Perfect Solution

Norm Zada wants to single-handedly save the movie industry, record companies, major newspapers--virtually all content-based businesses. If only the courts will let him.

For the past decade content companies have been fighting an uphill battle against massive online copyright infringement. Although companies have brought thousands of lawsuits against those directly responsible for infringements, online piracy continues to grow.

Zada, the founder of Perfect 10, thinks he's found the perfect solution. His company, which publishes an adult magazine and

operates an adult Web site, has sued several major search engines and credit card companies for allegedly helping users locate infringing materials online and enabling them to buy that content. That, Zada says, makes these companies liable for contributory copyright infringement.

Perfect 10's suit against two search engine firms, Google and Amazon, is now before a district court in California. The company's suit against Visa and MasterCard ran into a major hurdle when the 9th Circuit threw it out July 3. Zada has appealed the ruling. If he wins his battle against the credit card firms, copyright owners may find it much easier to protect their works online, and businesses may suddenly find themselves liable for their customers' infringements.

IC: How much has online copyright infringement hurt Perfect 10?
Zada: We started the magazine [which features models who haven't had cosmetic surgery] in 1996. It was closed in 2007 due to rampant copyright infringement. The Web site is still operating, but I've had to lay off many employees--many of whom are my friends. And so far I've lost $55 million.

Why aren't you suing those directly responsible for selling unauthorized copies of Perfect 10's photos?
We have sued at least 15 direct infringers. But we have had no success because they are all over the world, and even if we win our lawsuits, it is virtually impossible to stop them from just reopening under new names. ... It is almost impossible to get relief against [foreign] direct infringers.

So how can copyright owners protect themselves against online infringements?
There are only two entities from which a copyright owner can get relief. First, credit card companies that allow thieves to open merchant accounts. ... Without the ability to have a merchant account--which allows you to process credit cards and electronic checks--none of these infringing sites could stay in business. The other parties to sue are search engines, which help people find the infringing items.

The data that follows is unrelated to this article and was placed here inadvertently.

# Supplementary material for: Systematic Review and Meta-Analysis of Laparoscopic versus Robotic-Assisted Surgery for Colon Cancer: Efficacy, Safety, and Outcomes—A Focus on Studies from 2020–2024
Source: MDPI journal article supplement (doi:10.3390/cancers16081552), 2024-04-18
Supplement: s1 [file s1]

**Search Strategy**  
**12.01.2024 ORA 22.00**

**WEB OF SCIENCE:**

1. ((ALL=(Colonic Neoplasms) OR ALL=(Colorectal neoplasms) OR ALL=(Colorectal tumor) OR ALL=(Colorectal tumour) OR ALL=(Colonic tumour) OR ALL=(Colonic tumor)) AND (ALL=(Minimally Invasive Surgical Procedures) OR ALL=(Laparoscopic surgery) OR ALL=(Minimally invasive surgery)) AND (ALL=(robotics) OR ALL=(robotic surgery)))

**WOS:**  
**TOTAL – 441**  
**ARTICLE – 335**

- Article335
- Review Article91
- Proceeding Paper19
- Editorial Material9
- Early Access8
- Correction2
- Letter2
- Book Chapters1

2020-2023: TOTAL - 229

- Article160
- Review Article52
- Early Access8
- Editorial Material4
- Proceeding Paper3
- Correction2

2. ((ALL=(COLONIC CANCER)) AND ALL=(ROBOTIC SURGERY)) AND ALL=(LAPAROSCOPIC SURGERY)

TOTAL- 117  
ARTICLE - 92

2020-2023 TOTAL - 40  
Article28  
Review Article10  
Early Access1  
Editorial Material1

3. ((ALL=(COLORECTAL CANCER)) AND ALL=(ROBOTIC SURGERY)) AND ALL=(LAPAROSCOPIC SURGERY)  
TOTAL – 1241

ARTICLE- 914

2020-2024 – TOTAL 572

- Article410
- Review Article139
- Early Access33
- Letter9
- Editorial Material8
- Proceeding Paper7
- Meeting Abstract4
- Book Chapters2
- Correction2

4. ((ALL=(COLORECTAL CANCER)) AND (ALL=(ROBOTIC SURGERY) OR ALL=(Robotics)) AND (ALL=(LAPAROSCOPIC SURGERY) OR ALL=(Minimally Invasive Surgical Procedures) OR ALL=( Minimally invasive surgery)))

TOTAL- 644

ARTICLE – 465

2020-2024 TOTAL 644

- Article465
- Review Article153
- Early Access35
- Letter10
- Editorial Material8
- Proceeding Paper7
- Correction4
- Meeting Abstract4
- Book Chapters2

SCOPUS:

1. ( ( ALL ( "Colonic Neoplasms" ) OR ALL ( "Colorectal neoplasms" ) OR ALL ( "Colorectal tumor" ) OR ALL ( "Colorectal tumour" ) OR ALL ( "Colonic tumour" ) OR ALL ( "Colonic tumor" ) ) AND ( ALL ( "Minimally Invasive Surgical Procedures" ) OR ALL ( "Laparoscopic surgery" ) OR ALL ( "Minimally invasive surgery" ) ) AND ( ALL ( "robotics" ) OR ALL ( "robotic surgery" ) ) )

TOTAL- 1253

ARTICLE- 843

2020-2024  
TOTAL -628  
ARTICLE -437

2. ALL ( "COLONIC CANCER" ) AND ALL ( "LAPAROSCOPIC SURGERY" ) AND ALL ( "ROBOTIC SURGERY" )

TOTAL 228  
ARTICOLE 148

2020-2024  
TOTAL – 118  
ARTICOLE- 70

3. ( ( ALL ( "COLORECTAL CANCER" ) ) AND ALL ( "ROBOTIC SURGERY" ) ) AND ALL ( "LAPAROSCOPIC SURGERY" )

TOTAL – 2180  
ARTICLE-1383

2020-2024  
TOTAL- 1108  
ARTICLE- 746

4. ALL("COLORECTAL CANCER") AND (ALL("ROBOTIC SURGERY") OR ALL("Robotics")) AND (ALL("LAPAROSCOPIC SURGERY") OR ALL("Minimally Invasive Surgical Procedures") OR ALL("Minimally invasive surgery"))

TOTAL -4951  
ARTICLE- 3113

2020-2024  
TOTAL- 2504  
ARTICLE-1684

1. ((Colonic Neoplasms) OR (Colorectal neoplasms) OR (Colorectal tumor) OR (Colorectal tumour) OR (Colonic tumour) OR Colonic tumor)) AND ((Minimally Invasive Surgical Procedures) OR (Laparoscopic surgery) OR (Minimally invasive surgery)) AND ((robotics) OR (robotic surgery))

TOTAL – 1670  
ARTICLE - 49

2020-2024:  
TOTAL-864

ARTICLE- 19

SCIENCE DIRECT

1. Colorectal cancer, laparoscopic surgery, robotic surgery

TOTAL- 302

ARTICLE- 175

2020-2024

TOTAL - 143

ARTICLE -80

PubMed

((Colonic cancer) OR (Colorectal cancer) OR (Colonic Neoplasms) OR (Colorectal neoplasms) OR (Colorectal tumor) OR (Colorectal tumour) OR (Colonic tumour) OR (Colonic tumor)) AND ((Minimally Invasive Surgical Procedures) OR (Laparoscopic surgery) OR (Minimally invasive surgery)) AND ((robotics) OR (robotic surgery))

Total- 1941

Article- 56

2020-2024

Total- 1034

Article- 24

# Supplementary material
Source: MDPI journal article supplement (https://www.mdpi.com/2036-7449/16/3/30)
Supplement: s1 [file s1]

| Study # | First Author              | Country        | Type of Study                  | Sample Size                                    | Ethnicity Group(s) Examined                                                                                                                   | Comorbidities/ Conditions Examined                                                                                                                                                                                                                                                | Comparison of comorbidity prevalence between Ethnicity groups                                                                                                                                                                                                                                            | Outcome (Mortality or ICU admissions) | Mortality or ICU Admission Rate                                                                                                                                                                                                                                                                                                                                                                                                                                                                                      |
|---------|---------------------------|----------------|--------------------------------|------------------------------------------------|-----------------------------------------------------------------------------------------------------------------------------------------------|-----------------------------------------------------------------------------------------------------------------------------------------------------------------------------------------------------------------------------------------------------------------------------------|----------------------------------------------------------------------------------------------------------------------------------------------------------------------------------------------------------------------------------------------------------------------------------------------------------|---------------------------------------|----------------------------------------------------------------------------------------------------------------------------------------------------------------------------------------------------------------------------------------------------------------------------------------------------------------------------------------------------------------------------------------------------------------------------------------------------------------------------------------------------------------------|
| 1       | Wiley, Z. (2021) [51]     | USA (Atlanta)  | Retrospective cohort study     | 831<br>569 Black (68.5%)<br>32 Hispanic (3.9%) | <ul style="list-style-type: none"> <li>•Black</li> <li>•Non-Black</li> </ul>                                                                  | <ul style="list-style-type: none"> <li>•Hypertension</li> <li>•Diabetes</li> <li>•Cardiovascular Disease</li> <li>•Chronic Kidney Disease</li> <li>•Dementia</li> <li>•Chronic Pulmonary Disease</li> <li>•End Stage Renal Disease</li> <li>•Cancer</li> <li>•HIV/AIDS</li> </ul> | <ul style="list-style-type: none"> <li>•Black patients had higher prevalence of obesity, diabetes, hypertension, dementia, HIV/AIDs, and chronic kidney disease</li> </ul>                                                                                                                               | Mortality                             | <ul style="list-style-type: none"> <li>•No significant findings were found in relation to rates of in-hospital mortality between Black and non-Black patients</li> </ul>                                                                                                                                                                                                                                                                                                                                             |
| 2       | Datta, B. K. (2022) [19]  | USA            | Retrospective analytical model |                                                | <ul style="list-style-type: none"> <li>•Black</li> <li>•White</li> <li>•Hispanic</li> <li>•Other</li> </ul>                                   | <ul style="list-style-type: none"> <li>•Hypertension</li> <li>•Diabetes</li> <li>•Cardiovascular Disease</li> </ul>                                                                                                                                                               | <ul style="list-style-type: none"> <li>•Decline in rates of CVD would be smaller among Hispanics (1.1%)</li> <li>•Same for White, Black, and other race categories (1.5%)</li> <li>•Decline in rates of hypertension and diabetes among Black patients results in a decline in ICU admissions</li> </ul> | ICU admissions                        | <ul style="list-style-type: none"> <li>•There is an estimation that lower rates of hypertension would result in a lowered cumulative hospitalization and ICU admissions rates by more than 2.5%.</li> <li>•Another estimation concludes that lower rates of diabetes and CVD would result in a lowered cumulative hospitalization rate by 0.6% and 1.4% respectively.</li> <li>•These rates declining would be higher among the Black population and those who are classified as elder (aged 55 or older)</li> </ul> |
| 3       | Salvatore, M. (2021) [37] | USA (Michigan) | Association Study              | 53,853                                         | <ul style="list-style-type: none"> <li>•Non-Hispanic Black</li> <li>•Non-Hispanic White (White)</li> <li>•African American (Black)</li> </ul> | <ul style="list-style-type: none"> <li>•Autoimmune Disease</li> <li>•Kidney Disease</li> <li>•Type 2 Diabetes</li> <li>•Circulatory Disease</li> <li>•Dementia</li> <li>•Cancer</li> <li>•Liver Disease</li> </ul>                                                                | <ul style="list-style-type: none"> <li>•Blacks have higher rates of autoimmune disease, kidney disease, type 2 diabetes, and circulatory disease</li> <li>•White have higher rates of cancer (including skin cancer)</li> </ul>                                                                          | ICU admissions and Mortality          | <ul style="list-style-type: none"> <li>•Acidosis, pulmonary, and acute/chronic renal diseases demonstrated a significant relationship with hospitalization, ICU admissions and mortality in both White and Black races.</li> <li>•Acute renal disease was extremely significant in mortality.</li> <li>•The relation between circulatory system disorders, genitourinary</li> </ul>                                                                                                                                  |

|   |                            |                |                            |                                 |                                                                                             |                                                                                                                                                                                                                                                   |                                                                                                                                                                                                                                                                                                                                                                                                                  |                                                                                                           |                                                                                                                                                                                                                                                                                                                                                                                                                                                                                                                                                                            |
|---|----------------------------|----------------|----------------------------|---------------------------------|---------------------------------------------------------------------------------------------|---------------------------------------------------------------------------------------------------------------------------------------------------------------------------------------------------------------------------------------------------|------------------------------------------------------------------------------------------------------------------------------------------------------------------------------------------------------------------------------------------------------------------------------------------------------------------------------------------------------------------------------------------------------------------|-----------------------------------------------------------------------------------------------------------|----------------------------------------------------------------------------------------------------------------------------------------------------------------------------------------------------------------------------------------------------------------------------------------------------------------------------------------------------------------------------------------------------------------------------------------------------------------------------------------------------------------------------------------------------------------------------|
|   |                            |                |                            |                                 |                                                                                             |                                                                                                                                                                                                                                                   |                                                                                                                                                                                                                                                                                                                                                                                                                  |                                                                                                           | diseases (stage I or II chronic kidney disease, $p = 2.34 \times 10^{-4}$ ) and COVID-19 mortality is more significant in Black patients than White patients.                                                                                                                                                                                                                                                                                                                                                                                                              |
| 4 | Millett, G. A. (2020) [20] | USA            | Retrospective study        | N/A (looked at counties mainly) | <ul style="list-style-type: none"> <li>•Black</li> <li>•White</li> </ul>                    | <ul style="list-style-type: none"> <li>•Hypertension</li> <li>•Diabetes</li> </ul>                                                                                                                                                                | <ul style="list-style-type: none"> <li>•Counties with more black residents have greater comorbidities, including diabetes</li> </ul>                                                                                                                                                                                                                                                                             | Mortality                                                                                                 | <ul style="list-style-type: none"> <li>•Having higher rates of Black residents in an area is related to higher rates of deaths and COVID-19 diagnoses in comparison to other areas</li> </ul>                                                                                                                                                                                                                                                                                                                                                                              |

Why should the credit companies be liable for their customers' actions?
There's no reason why our banking system should be facilitating the sale of stolen movies, songs, photos, etc. The credit card companies don't process payments for child pornography, illegal drug sales or online gambling.

How difficult would it be for them to stop doing business with infringers?
Only a tiny percentage of MasterCard and Visa merchants do these things. The credit card companies know who they are and charge them more money, putting them in a high-risk category. It would be easy for them to refuse to do business with these criminals. But enabling these transactions is causing horrendous damage to IP owners.

The 9th Circuit ruled 2-1 that the credit card companies were not liable for contributory copyright infringement because they did not "materially contribute" to the infringements. What is wrong with this reasoning?
Some of panel just doesn't get it. It is not the policy of the U.S. to aid and abet those who profit from massive theft. ... We know what happens to someone who is fencing stolen property. There is civil and criminal liability. But if you are fencing $50 billion of stolen IP, you don't even have any civil liability, according to this panel.

It is unbelievable. ... According to the majority of the panel, this doesn't contribute to infringement, even though we allege that these infringing Web sites wouldn't be in business without these credit card systems. ... The ruling makes no sense and is a horrific departure from prior interpretations of contributory infringement. The standard here would vitiate contributory liability.

What are the ramifications of the 9th Circuit's ruling in this case?
They are encouraging and allowing a lot more infringement, and the last thing IP owners need is more infringement. ?? 1/2 [Unless the online infringement stops,] it will destroy all movie studios, music companies, TV companies, magazines, newspapers--everyone who is trying to make an honest buck on the Internet.

What will you do if the 9th Circuit doesn't reverse this ruling en banc?
We have a Supreme Court consultant who thinks that if we don't win on rehearing in the 9th Circuit, the Supreme Court will hear this case because it is so important.

Contributor

Steven Seidenberg

Bio and more articles

Join the Conversation

Advertisement. Closing in 15 seconds.